ANCHORAGE (AP) -- The state's largest Native organization on Tuesday condemned Gov. Tony Knowles for his plans to appeal a landmark subsistence lawsuit, and vowed to do whatever is necessary to keep their rights from being eroded by a hostile state government.
Leaders of the Alaska Federation of Natives said the governor's decision last month to challenge the so-called ''Katie John'' ruling threatens their way of life, and must be fought vigorously at the federal level.
''We'll do what we have to do to protect our rights in this state,'' said Julie Kitka, AFN president.
Kitka said if Knowles doesn't back away from an appeal, the options include legal, political and economic actions. Among the possible economic responses is a spending boycott by Natives.
But she said ''we're not going to make any hollow threats. When we go forward, it will be real and will have the backing of the entire Native community.''
The resolve arises from resolutions passed at an emergency AFN meeting held in Anchorage to start plotting a strategy to oppose the governor.
The Katie John appeal is ''the pot boiling over'' for Natives long unhappy with state government for failing to solve the divisive subsistence issue that has gone on for three decades, said AFN co-chair Roy Huhndorf.
Knowles is appealing a 1995 ruling of the 9th Circuit Court of Appeals in the case, which is named for an Athabascan elder denied a subsistence fish camp on the Copper River. The ruling established that the federal government had subsistence authority over most state waters in Alaska.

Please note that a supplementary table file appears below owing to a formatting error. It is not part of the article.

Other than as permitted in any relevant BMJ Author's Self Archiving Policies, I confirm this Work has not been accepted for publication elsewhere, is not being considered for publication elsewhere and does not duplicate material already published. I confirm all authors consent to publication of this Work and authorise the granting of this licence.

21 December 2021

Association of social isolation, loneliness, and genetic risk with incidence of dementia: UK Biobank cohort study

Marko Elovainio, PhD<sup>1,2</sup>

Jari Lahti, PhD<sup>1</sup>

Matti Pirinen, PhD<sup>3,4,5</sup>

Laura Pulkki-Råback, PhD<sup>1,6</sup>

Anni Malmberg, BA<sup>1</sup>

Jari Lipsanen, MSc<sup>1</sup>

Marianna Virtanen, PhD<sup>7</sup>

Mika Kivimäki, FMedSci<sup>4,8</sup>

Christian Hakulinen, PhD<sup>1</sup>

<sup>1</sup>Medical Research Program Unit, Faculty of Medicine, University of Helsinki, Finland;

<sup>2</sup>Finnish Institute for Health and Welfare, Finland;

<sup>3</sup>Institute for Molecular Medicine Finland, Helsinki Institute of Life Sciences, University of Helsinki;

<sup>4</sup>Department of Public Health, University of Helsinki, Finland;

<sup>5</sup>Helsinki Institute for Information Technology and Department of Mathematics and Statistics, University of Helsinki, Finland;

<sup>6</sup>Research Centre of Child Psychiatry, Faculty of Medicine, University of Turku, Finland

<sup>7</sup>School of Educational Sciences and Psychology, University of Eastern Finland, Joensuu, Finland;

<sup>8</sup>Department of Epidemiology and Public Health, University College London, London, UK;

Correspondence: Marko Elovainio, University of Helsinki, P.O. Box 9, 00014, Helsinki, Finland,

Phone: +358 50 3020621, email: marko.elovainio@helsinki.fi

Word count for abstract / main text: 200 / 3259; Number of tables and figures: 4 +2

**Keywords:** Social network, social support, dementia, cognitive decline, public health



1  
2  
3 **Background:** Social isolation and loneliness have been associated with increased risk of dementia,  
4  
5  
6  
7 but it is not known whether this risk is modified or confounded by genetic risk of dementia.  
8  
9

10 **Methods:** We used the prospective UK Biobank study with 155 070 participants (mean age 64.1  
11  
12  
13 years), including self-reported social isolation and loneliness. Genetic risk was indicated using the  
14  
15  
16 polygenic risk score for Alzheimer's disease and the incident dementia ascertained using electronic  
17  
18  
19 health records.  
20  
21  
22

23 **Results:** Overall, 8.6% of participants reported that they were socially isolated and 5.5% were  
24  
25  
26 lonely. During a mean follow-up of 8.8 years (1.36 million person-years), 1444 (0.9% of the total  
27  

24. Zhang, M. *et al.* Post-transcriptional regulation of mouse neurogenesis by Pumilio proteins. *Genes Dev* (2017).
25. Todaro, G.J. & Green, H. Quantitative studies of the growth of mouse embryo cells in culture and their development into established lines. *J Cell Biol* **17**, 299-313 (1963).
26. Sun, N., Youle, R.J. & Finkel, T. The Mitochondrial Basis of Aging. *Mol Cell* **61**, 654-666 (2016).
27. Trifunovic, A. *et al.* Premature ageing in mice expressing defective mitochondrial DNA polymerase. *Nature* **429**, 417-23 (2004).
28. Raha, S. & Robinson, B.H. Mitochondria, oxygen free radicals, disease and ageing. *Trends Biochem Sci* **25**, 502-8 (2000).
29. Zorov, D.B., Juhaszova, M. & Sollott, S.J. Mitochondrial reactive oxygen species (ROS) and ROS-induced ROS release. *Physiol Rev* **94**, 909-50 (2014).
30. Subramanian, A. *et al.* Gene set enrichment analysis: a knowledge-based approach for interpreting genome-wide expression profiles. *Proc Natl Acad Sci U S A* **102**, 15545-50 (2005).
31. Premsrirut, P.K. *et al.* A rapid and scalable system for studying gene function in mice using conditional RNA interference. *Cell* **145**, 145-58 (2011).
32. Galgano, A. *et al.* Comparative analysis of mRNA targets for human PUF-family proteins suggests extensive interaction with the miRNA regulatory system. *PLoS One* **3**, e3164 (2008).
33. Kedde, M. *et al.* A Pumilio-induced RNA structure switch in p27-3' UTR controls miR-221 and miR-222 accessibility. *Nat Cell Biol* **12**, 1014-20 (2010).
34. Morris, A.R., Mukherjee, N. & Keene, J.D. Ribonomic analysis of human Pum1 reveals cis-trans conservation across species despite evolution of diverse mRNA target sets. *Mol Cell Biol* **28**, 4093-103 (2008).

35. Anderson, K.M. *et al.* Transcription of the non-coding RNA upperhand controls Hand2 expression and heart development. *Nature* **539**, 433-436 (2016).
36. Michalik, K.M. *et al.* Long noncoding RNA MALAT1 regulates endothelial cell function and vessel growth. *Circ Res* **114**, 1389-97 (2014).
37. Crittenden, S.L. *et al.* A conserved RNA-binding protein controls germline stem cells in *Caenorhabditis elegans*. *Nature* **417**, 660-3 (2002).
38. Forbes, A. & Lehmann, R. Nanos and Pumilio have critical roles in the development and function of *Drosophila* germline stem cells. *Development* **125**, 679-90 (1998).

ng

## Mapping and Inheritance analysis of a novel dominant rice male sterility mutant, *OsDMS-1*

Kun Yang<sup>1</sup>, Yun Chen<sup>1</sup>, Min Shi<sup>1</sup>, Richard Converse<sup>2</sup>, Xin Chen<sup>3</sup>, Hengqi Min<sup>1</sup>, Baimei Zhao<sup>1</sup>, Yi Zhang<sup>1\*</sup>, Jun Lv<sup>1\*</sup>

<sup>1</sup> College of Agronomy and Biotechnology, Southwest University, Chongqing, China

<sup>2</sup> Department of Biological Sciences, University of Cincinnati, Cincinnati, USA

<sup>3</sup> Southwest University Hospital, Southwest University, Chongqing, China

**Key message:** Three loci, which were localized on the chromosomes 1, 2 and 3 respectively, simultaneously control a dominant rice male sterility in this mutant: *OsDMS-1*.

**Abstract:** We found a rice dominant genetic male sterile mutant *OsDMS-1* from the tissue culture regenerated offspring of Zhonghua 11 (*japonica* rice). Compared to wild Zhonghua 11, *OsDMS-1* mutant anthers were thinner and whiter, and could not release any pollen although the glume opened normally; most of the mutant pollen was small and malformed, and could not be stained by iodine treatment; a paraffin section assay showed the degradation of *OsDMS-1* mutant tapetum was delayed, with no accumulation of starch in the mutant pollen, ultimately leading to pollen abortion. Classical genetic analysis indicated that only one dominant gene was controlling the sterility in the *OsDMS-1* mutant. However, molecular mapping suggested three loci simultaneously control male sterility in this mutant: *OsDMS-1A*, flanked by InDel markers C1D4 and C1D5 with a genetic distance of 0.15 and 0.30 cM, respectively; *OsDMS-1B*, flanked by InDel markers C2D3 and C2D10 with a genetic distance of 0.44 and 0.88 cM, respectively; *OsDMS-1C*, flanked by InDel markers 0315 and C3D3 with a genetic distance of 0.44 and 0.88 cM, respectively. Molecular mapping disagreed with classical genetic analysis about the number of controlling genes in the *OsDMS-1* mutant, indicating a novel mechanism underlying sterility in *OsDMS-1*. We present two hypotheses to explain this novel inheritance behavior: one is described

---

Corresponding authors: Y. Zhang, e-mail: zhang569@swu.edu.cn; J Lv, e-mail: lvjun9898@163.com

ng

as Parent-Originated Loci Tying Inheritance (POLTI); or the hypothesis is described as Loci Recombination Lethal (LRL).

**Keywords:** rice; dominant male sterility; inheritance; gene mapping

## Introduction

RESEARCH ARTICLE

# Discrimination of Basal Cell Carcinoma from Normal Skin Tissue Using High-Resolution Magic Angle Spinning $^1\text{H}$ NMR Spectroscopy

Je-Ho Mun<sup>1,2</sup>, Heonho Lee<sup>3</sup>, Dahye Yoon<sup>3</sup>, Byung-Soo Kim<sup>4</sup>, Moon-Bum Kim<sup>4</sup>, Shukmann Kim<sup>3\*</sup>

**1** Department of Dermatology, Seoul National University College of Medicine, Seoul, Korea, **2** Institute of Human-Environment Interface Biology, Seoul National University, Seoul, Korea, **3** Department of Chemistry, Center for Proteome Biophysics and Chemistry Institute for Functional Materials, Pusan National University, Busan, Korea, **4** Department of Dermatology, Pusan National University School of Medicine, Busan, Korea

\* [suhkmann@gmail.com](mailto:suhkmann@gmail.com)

The federal government took over subsistence fishing management on those waters in October when the state Legislature failed to approve a constitutional amendment granting a subsistence priority to rural residents, as required under federal law.
Robert Loescher, president of Juneau-based Sealaska Corp., exhorted the AFN delegates to man the barricades.
''We should stand with Katie John, defend her rights and continue her fight in the direction it takes us in the days to come,'' Loescher said.
John, 84, who lives in Mentasta, received several standing ovations as she walked to the podium and told of her early years hunting and fishing in the southeastern Interior. She also lamented that many young people are not learning the traditional skills that define their Native culture.
''I think I was more happy than they are today,'' John said.
AFN delegates also voted to oppose returning subsistence jurisdiction to the state until state leaders, including the governor, agree to joint management by tribal entities.
Knowles spokesman Bob King said late Tuesday that the governor's appeal is rooted in state sovereignty over its resources, rather than opposition to Native subsistence rights.
''Neither this governor nor any other governor would surrender management of subsistence,'' King said from Juneau. ''It's a fundamental reason Alaskans sought statehood originally.
''(Knowles) supports the rights of Katie John the person to harvest the fish she needs,'' he said. ''But it would be best done under a state management regime.''
Kitka said AFN would approach Congress to strengthen the 1980 Alaska National Interest Lands Conservation Act and other federal laws to explicitly state the subsistence rights of Alaska Natives.
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